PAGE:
PHILADELPHIA — Let’s be clear about one thing — Chip Kelly isn’t simply replicating everything he did at the University of Oregon here with the Eagles.
He’s dealing with adults now, not college kids. He’s facing the top 1 percent of football players at the NFL level, so his offensive schemes won’t work as easily as they did against soft Pac-12 defenses, and he’ll probably have to flip-flop his run-pass ratio.
Patriots running back LeGarrette Blount, who played for Kelly at Oregon, already sees major differences between Kelly’s program with the Ducks and the one he’s running as the Eagles’ first-year coach.
“For one, they huddle,” Blount said after Wednesday’s joint practice, the second of the week.
“It’s a lot different than what it was at Oregon. Some of the drills looked familiar, but I mean, a lot of teams aren’t going to show what they’re really going to do in the preseason.”
But the Eagles didn’t hire Kelly to be Oregon East. They hired Kelly, 49, because of his proven track record of unconventional thinking and incredible success — a 46-7 record and four BCS bowl games in four years at Oregon. In the past three years, his offenses finished first, second, and first in the nation in touchdowns.
“I have so much respect for Chip and what he’s done,” said Patriots coach Bill Belichick, who has been friends with Kelly since Kelly’s days as an offensive guru at the University of New Hampshire (1999-2006). “He’s a very innovative, creative guy. He’s got a great mind, he’s smart and I think he’ll take advantage of whatever resources he can.”
When it comes to X’s and O’s, the Eagles may have hired the one man who can match wits with Belichick. The Patriots set an NFL record last year with 1,191 offensive plays, or 74.4 per game, with their fast-paced, no-huddle attack. Kelly’s offenses at Oregon the last three years averaged 81, 78, and 78 plays per game
But Kelly undoubtedly will have to change his playcalling style in the pass-happy NFL. Kelly never called fewer than 600 rushes or more than 400 passes in his four years at Oregon. The Ducks always finished in the top five in rushing offense, but middle of the pack in passing offense.
But only three NFL teams — the 49ers, Redskins, Seahawks — called more rushing plays than passes in 2012. The Patriots, last year’s top offense at 34.8 points per game, called 668 passes compared with 523 runs.
“Of course, what he did at Oregon, that was one thing,” Belichick said. “We’ll see how it all plays out here.”
The Eagles have eschewed the offensive huddle and pushed the tempo during practices this summer, but spent much of the last two days practicing their slow-down, traditional huddle offense as well.
“I don’t even know if we know what to expect from this offense,” Eagles center Jason Kelce said.
But the aesthetic changes Kelly has brought to the Eagles’ practice facility, after 14 years of doing things Andy Reid’s way, have been enlightening, to say the least.
For one, the Eagles are now a lot healthier. There’s no more Taco Tuesday inside the team cafeteria. Fat Boy Friday, in which players gorged on fast food after their weekly weigh-in, is history, as well.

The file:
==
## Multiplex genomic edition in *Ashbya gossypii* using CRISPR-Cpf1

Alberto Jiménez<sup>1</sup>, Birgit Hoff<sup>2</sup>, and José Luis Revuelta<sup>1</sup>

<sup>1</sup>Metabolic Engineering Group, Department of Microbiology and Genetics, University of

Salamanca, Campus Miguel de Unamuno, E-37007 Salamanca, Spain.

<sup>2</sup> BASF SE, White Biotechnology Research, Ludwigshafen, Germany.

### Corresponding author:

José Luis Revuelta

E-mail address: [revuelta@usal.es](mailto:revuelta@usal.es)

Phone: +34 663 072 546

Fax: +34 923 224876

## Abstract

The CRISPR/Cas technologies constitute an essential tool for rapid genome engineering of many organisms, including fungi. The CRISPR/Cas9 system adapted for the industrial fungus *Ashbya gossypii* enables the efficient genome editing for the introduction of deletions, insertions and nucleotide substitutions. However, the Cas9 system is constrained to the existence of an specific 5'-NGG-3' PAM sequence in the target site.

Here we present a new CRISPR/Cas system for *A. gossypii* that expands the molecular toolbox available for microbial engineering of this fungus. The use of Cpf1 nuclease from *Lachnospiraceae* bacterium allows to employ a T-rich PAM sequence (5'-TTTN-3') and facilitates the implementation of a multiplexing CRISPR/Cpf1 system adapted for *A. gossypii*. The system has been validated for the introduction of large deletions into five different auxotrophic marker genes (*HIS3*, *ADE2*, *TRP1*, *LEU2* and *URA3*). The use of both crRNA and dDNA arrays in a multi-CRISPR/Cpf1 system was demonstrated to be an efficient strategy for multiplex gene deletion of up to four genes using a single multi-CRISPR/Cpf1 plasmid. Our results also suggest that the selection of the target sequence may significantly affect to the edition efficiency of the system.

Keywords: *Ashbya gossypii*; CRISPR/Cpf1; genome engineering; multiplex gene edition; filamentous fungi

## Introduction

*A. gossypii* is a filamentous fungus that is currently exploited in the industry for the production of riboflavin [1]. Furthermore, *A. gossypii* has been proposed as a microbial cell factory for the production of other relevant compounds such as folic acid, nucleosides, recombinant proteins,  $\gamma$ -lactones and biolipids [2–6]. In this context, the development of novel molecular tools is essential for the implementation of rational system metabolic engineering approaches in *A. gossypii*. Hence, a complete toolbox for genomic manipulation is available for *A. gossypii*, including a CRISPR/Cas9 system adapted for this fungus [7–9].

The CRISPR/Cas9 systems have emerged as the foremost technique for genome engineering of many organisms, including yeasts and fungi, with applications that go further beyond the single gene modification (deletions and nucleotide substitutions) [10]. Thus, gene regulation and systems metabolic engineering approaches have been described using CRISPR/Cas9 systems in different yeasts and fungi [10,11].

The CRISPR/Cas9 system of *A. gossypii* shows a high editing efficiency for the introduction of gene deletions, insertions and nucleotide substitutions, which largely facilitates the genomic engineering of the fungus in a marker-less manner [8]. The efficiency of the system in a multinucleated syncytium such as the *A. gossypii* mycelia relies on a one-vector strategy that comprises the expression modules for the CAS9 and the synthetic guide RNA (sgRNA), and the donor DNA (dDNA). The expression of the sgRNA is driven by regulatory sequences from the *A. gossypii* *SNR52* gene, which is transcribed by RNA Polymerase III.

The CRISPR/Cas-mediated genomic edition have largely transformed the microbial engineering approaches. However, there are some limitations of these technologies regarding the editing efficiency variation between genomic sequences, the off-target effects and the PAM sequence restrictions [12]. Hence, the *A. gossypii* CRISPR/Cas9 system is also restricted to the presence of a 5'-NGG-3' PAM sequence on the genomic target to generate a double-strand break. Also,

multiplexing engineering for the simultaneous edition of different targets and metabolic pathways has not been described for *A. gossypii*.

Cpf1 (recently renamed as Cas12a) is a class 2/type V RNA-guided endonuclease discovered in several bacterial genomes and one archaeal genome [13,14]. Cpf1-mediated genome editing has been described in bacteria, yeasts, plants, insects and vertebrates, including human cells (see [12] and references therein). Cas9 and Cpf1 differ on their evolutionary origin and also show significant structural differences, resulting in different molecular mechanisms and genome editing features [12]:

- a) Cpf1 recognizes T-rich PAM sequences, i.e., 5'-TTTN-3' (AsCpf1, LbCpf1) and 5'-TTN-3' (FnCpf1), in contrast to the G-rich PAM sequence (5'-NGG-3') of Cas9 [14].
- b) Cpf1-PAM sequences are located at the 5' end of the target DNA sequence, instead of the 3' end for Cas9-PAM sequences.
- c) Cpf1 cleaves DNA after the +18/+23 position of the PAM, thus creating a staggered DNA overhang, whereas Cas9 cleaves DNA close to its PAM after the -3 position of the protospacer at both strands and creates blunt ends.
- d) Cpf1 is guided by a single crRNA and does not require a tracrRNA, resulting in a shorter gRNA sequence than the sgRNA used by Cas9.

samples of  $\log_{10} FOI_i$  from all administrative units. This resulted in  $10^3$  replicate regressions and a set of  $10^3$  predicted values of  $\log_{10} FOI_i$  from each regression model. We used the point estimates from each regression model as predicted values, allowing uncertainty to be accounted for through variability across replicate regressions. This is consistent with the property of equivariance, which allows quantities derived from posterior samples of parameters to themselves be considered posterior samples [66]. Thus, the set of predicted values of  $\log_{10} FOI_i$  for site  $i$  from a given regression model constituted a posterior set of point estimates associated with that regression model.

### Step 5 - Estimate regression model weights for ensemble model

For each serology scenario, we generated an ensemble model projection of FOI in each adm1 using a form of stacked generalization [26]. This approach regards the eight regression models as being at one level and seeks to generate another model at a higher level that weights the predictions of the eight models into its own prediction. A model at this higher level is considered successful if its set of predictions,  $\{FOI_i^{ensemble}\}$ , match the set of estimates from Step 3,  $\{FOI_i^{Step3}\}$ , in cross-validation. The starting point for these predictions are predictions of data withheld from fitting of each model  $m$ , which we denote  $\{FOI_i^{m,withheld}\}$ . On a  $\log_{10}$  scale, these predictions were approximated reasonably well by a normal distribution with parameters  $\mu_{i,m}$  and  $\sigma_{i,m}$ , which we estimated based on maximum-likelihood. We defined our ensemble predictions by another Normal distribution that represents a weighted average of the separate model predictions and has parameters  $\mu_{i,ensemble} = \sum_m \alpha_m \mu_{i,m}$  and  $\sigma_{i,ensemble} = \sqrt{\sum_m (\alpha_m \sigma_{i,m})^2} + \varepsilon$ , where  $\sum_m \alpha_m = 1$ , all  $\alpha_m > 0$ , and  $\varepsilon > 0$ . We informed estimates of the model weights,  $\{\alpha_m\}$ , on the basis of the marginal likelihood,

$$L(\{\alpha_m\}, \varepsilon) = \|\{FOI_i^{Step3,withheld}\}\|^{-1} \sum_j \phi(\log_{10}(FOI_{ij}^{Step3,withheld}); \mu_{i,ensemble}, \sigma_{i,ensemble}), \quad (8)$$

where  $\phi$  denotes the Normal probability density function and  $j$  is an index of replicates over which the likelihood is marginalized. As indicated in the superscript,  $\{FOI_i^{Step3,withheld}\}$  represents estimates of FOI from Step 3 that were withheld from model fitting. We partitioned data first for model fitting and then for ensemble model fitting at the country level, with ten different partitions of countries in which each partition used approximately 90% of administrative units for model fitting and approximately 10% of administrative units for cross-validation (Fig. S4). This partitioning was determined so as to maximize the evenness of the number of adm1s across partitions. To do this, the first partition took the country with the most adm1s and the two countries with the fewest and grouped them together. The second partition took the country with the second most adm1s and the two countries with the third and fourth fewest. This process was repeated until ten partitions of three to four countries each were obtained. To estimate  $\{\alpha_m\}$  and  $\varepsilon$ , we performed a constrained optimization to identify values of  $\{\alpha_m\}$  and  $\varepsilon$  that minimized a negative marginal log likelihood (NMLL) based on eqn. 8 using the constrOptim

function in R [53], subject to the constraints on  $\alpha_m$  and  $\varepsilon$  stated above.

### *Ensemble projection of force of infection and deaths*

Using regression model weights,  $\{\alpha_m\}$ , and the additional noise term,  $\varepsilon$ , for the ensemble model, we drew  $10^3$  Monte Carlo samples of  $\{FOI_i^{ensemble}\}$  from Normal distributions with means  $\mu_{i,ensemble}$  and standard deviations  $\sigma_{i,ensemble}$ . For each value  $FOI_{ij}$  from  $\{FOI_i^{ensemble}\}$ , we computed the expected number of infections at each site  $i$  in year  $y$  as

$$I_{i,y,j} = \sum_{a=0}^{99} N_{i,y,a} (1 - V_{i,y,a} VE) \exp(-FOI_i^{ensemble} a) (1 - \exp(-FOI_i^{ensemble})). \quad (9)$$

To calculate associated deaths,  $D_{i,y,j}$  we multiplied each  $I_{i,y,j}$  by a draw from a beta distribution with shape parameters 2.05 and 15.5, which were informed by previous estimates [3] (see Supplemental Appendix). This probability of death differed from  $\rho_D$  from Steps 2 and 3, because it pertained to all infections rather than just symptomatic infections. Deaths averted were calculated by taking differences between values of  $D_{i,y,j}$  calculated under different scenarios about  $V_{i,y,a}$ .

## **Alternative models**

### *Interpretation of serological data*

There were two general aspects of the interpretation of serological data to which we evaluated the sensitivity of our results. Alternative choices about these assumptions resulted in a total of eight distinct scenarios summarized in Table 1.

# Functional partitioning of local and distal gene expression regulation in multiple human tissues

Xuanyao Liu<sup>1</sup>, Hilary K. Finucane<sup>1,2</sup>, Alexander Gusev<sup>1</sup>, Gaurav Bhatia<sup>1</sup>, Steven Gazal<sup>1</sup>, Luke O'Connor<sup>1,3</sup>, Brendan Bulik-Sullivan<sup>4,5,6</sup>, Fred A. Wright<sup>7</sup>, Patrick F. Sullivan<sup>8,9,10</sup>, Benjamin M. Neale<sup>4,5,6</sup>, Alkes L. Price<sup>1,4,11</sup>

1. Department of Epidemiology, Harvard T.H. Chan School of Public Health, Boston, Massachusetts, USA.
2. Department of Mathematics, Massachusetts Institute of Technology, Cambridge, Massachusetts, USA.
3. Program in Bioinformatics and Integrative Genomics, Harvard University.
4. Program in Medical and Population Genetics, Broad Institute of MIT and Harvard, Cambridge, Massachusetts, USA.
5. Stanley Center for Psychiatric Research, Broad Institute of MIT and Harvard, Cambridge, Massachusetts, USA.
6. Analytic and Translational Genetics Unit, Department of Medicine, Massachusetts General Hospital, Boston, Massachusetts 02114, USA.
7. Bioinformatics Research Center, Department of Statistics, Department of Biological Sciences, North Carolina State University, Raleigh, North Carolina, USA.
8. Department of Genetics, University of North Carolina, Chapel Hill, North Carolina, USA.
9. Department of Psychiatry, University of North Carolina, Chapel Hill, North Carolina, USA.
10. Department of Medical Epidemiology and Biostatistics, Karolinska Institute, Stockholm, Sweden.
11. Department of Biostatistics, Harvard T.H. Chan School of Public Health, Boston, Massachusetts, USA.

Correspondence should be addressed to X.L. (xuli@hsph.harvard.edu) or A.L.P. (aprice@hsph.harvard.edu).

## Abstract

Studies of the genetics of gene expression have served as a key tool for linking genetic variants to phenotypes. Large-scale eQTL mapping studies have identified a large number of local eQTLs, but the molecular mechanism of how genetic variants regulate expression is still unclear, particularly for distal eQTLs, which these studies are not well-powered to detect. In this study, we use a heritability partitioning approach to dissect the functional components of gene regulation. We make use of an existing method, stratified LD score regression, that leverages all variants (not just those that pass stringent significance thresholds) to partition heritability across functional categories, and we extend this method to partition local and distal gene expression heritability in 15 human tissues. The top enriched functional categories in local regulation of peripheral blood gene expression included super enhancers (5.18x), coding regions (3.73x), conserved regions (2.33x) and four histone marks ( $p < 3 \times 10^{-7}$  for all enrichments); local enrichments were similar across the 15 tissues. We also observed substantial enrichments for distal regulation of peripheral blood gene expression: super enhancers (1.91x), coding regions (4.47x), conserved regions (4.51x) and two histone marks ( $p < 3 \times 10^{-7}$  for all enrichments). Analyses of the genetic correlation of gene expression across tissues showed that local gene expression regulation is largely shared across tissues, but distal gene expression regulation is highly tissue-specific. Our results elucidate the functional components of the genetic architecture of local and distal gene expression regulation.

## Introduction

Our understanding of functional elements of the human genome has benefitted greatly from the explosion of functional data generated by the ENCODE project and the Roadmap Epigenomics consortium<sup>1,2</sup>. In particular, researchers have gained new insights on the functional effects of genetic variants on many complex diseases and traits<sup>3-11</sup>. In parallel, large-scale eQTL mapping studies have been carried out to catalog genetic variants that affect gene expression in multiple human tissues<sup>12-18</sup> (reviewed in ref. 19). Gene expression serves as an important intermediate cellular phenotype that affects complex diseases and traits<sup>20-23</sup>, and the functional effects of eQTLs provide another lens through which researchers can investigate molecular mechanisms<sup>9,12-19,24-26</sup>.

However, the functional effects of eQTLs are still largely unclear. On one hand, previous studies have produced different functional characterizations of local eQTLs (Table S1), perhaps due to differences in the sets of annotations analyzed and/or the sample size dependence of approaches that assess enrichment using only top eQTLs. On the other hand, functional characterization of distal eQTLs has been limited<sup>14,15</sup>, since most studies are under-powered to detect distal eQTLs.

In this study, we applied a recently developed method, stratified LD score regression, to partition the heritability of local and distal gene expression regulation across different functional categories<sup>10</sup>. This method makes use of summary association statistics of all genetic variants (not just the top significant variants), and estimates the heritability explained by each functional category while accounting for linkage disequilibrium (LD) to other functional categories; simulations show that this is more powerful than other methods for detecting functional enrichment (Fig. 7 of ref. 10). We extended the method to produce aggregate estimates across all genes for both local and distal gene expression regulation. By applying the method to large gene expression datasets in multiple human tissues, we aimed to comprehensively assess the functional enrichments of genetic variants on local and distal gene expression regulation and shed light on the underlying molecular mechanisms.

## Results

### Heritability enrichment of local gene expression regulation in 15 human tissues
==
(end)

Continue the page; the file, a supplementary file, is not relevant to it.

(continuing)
Instead, players are greeted after practice each day with a fruit smoothie specifically tailored to their diet. The players wear GPS tracking systems on their shoulder pads to track their agility, force, and acceleration throughout practice. The weight room underwent $1 million in improvements this summer, and new smart TVs have been installed throughout the building.
Kelly also hired a “sports science coordinator” in Shaun Huls, who most recently served as the head strength and conditioning coach and combatives coordinator for Navy Special Warfare.
“The whole thing is designed to make guys better individually, and then hopefully it will make the team better overall,” Kelce said.
That part of the program — the nutritional kick — is nothing new, Blount said.
“He’s very conscious of what’s going on around the whole building,” Blount said. “They’re not going to have a lot of injuries if they listen to him.”
Of course, Kelly can only work so much magic. No amount of health food was going to prevent the torn ACLs already suffered by receivers Jeremy Maclin and Arrelious Benn.
And some of the Eagles were naturally skeptical of Kelly’s methods when the offseason program began in April.
“Some guys probably were,” Kelce said. “But as soon as we got to hear him speak and deal with his philosophies, not just on the field but off the field in the weight room and stuff, we were all excited.”
The last two days with the Patriots notwithstanding, the pace of Kelly’s practices has been much faster than anything done under Reid since 1999. There’s a lot less time spent between plays — a lot less hands-on coaching on the field — and a lot more coaching done in the film room afterwards. Kelly has five quarterbacks in camp, and has all five performing at the same time during some drills.
“It’s been a lot of change,” Kelce added, “and any time something’s been one way for 10-plus years and you’re coming forth with a new head coach, it’s really going to probably be pretty radical.”
Radical change is what the Eagles needed, though, after growing stale under Reid and compiling a 4-12 record last year.
Then again, the NFL has seen many supposed “offensive gurus” come from college to revolutionize offensive football, only to fall flat once they realized their schemes don’t work as well against the pros. Ask Steve Spurrier how well that worked out in Washington.
The Eagles hope, though, that Kelly is a top-notch head coach, not just an X’s and O’s guy.
“I’ve seen his teams play for a long time at Oregon, and they’ve been exceptional,” Patriots quarterback Tom Brady said. “So I’m sure it will be no different.”